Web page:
When the Waterboxx is placed around garden plants, it functions the same way as with trees.  The garden plants, like cucumbers, get consistent amounts of moisture all day with their roots never drying out.  The Waterboxxes only need refilling with water if there is no rain for several weeks (the Waterboxx reservoir completely refills with 4 inches of rainfall).

We planted two cucumber plants in our raised bed garden, placed a Waterboxx around them, and then did nothing besides train the vines on a string trellis.  Our results were astounding.  We had over 45 full sized cucumbers be produced in our short, northern summer.  The cucumbers kept producing even in periods without rain due to the ingenious design of the Waterboxx.

Why not try out the Waterboxx in your garden? It can save you time, effort, while ensuring better harvests.  The Waterboxx has been used to grow cucumbers, tomatoes, peppers, melons, eggplants, zucchini, squash and pumpkins.  You can learn more about the Waterboxx here or buy the Waterboxx here.

Our book, The Waterboxx Gardener, is available here.

Sunday, December 11, 2016

Evergreen Hedges - Tree Selection and Maintenance

     As Americans have rediscovered their back yards over the past several years and decided to spend more time in their current home because of the recent recession, more have decided to plant evergreen hedges.  The advantage of hedges are obvious - privacy, sound reduction from nearby streets and neighbors, habitat for wildlife, as a windbreak lowering heating costs in winter, and improvement in home value and curb appeal.  Unfortunately, we have seen a significant number of dead hedges over the past several years - mostly due to inappropriate trees for the area, inappropriately planted and insufficiently watered during the recent droughts.  We will attempt here to educate on the best types of evergreen tree for certain growing conditions, and how the Groasis Waterboxx might be useful in the planting of the hedge.  For the purposes of this post, we will only be discussing trees that grow at least to eye height (thereby blocking line of sight).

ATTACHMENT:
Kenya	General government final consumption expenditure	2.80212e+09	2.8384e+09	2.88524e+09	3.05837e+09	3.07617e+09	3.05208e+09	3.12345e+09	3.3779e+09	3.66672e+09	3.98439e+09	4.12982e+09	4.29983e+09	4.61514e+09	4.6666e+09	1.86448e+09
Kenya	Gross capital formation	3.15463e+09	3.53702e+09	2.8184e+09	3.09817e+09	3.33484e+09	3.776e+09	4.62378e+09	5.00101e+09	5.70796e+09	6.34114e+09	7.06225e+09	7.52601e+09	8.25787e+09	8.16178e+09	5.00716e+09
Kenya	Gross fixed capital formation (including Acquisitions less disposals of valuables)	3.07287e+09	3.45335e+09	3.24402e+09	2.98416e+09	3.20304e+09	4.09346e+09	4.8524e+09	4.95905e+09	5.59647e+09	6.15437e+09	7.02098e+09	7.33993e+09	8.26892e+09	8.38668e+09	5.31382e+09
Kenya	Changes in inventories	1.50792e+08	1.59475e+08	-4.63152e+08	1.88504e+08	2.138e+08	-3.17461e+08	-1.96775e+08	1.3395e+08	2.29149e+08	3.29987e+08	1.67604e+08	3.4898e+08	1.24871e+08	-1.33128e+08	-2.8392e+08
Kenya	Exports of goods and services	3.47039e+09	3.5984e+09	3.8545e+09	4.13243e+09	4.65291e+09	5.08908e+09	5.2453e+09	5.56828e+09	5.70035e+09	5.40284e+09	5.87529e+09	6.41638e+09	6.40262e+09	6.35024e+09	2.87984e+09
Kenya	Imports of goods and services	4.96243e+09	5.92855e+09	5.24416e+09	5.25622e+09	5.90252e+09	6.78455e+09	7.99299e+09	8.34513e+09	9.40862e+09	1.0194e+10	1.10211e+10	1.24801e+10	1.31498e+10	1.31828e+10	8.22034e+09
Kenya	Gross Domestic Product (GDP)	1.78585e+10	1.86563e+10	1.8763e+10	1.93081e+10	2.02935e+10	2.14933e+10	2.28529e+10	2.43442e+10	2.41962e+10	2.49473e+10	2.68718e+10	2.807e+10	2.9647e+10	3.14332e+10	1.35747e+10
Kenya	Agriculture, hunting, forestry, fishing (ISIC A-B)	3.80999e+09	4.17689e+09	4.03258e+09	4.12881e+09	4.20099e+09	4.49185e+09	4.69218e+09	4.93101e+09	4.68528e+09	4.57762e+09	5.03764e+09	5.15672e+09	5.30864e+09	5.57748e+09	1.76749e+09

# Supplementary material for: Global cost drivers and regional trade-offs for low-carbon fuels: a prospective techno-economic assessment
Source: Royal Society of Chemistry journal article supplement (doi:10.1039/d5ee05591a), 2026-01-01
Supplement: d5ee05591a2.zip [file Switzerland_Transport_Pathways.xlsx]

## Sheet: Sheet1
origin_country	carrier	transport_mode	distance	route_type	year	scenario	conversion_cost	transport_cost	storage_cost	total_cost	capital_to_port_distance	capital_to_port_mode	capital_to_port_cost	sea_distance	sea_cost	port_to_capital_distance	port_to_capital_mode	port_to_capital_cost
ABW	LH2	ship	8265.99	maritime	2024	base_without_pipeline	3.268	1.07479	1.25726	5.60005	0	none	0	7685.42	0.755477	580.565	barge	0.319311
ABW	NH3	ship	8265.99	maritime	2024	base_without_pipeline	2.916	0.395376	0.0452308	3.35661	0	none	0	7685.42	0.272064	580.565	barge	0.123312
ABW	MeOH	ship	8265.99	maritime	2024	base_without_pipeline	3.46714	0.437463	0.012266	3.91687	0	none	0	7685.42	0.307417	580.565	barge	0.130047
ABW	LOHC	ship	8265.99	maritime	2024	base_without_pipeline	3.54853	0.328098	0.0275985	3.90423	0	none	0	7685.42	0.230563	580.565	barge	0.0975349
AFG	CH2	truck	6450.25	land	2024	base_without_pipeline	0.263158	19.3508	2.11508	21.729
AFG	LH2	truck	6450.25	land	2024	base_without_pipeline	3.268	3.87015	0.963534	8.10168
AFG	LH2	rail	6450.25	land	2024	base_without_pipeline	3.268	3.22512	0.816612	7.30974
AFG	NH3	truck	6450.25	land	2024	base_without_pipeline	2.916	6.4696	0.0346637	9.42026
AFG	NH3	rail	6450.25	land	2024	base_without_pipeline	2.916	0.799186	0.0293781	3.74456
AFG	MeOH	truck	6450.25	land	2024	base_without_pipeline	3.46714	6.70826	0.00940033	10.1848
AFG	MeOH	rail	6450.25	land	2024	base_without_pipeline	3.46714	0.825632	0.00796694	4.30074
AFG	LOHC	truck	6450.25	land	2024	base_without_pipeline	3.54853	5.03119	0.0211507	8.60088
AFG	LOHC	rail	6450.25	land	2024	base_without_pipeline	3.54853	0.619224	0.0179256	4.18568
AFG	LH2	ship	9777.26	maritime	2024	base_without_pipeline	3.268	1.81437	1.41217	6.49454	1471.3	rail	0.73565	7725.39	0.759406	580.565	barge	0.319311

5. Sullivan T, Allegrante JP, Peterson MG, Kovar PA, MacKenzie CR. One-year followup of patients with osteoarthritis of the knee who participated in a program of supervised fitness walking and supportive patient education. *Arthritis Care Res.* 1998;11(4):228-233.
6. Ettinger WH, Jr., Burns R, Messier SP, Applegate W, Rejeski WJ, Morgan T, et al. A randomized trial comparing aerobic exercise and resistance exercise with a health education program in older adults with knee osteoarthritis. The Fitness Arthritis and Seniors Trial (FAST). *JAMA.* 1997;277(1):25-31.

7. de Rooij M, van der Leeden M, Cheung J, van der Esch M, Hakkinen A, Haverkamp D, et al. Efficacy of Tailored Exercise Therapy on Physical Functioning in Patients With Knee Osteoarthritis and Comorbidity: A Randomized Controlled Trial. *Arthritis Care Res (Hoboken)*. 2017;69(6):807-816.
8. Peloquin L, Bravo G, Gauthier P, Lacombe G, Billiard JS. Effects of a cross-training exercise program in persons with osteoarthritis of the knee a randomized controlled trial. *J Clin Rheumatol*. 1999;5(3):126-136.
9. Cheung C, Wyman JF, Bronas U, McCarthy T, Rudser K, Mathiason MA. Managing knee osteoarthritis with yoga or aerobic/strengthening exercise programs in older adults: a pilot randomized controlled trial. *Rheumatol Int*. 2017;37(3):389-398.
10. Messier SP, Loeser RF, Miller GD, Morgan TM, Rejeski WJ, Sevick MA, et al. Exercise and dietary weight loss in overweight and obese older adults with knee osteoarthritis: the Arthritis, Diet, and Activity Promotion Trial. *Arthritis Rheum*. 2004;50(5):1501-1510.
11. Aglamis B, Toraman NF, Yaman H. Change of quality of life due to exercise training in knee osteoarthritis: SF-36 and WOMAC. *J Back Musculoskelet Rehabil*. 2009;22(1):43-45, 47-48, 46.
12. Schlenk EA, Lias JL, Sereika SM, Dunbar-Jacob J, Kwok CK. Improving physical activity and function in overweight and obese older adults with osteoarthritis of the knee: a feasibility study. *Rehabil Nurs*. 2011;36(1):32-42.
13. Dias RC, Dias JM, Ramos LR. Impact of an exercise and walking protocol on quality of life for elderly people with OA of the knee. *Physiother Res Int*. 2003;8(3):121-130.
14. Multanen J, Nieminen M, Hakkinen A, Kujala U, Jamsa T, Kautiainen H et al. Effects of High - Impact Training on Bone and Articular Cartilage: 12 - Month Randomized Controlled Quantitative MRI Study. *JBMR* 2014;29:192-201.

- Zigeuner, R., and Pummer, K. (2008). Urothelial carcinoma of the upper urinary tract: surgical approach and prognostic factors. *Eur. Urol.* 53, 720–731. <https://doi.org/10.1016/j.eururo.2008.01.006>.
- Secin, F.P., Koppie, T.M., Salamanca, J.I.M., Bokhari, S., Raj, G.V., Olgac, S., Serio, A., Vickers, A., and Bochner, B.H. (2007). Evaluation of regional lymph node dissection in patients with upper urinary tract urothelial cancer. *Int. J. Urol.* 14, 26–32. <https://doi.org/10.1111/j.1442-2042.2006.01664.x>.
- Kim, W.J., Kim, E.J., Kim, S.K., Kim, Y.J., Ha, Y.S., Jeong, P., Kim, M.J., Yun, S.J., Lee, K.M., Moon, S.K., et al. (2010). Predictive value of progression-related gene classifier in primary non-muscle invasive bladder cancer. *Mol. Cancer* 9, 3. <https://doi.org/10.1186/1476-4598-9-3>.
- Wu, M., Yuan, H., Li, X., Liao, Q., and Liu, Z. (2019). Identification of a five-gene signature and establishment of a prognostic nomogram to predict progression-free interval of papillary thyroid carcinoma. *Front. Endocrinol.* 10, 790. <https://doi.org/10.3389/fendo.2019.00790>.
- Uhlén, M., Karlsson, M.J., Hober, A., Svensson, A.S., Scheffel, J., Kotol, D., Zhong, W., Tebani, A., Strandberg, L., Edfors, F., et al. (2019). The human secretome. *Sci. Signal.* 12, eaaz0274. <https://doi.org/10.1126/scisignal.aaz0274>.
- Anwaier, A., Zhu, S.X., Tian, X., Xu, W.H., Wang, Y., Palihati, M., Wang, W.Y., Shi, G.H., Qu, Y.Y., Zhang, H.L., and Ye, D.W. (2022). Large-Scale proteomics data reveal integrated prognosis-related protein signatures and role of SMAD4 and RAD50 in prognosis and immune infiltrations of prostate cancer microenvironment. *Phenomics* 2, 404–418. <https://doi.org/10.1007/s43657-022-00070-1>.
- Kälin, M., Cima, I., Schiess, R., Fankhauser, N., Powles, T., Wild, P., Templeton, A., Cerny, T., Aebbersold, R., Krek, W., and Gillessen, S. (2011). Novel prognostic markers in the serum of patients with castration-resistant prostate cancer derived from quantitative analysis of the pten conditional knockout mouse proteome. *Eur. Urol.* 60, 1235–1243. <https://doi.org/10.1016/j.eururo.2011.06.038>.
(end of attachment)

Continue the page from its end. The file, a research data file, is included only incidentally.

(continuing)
In the Great Lakes region where we are based, this is definitely the most popular hedge tree.  The Thuja occidentalis 'Emerald' variety seems to be the most commonly planted, but sometimes the faster growing if less picturesque Thuja standishii x plicata 'Green Giant' is used.  Both of these arborvitae (Latin for "tree of life") can be grown in zones 5-7, with the 'Emerald' variety hardy to zone 3 (see zones below).  
USDA Hardiness Zone Map - From Wikipedia